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And, whereas he was bound to purchase at Athens a cargo worth one hundred and fifteen minae,If the loans were all made on the same basis （i.e. on the security of goods of a value twice as great as the loan） we should have to read one hundred an
d who sailed with Phormio,
accepted a lower rate than that demanded by Chrysippus and his partner, who
remained in Athens. if he
was to perform for all his creditors what was written in their agreements, he
purchased only a cargo worth five tho d drachmae, including the
provisions; while his debts were seventy-five minae. This was the beginning of
his fraud, men of Athens; he neither
furnished security, nor put the goods on board the ship, although the agreement
absolutely bade him do so.Take
In this he failed, for our agent,Presumably Protus, who seems to have sailed as supercargo. who was on board, opposed the plan, and promised the sailors large rewards if they should bring the ship safe into port. The ship safely brought to Cephallenia, thanks chiefly to the gods, and after them to the bravery of the seamen. Again after this he schemed together with the Massaliotes, the fellow-countrymen of Hegestratus, to prevent the vessel from completing her voyage to Athens, saying that he himself was from Massalia; that the money came from thence; and that the shipowner and the lenders were Massaliotes.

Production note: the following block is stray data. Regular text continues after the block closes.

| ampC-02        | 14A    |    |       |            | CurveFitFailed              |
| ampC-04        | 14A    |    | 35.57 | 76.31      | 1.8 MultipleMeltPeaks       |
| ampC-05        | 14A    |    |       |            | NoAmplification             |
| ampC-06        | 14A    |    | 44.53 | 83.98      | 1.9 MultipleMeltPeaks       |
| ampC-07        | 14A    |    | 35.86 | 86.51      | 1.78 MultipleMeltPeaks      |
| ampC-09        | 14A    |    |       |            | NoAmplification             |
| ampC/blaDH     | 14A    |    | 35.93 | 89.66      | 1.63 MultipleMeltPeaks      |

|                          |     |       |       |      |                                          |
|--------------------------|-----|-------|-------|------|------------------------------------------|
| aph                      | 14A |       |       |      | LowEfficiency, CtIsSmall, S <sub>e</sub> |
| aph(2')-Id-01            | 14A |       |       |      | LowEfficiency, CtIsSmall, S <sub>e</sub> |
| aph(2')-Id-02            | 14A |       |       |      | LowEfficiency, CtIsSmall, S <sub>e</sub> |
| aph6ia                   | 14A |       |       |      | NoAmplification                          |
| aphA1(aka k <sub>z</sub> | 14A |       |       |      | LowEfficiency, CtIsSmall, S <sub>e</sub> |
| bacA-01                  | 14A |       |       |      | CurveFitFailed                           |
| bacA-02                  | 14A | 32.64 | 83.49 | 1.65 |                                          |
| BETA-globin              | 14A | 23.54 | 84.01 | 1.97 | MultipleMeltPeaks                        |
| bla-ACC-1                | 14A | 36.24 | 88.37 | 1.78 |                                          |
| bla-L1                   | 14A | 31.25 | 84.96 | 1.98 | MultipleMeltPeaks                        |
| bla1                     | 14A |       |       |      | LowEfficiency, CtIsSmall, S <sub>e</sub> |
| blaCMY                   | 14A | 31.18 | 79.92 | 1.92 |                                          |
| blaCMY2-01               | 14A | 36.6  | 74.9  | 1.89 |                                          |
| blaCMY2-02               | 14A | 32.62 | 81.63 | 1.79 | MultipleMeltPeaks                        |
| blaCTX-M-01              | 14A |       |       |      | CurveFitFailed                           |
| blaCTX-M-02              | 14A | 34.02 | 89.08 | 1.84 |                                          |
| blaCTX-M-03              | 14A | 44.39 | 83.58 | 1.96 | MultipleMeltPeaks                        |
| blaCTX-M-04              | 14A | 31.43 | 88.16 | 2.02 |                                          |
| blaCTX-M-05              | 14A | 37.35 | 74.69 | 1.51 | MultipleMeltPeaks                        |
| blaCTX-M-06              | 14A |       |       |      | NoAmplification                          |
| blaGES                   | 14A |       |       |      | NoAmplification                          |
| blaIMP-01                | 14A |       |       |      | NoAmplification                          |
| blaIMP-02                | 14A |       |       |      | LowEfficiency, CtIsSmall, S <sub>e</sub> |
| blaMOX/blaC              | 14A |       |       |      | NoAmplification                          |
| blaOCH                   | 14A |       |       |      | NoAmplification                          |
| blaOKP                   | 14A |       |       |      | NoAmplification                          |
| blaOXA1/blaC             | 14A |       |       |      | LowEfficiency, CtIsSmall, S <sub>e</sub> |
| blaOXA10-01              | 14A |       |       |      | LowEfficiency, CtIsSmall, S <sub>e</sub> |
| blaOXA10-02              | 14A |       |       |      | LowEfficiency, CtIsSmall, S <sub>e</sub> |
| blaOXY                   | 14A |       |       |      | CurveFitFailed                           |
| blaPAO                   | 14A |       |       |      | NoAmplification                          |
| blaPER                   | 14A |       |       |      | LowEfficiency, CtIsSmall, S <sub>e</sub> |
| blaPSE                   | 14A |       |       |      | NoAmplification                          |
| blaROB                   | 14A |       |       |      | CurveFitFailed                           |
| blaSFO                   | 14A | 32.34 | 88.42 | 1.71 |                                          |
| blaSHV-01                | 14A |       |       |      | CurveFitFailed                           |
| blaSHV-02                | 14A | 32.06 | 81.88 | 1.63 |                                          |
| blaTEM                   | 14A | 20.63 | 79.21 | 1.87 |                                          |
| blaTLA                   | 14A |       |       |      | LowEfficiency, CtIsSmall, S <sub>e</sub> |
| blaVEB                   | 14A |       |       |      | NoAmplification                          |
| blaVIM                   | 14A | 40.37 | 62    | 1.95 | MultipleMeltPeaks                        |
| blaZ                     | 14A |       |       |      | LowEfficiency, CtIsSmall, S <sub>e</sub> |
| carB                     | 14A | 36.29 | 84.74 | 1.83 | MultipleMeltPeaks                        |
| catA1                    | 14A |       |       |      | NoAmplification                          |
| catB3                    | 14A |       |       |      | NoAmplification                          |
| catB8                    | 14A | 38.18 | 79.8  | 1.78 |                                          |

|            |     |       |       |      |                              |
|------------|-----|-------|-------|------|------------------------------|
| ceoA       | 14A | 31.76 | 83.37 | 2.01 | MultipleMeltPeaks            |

In this, too, he failed; for the magistrates in Cephallenia decided that the vessel should return to Athens, from which port she had set sail. Then the man, whom no one would have thought audacious enough to come here, after having plotted and wrought such deeds—this man, Athenians, has so surpassed all in shamelessness and audacity, that he has not only come, but has actually laid claim to my grain, and has brought suit against me
In this way, then, Apaturius here got rid of his creditors. Not long after this, the bank having failed, and Heracleides for a time having gone into hiding, the plaintiff schemed to send the slaves from Athens, and to remove the ship from the harbor. This was the cause of my first quarrel with him. For Parmeno, learning of the fact, laid hands on the slaves as they were being taken away, and prevented the sailing of the ship; then he sent for me, and told me of the affair.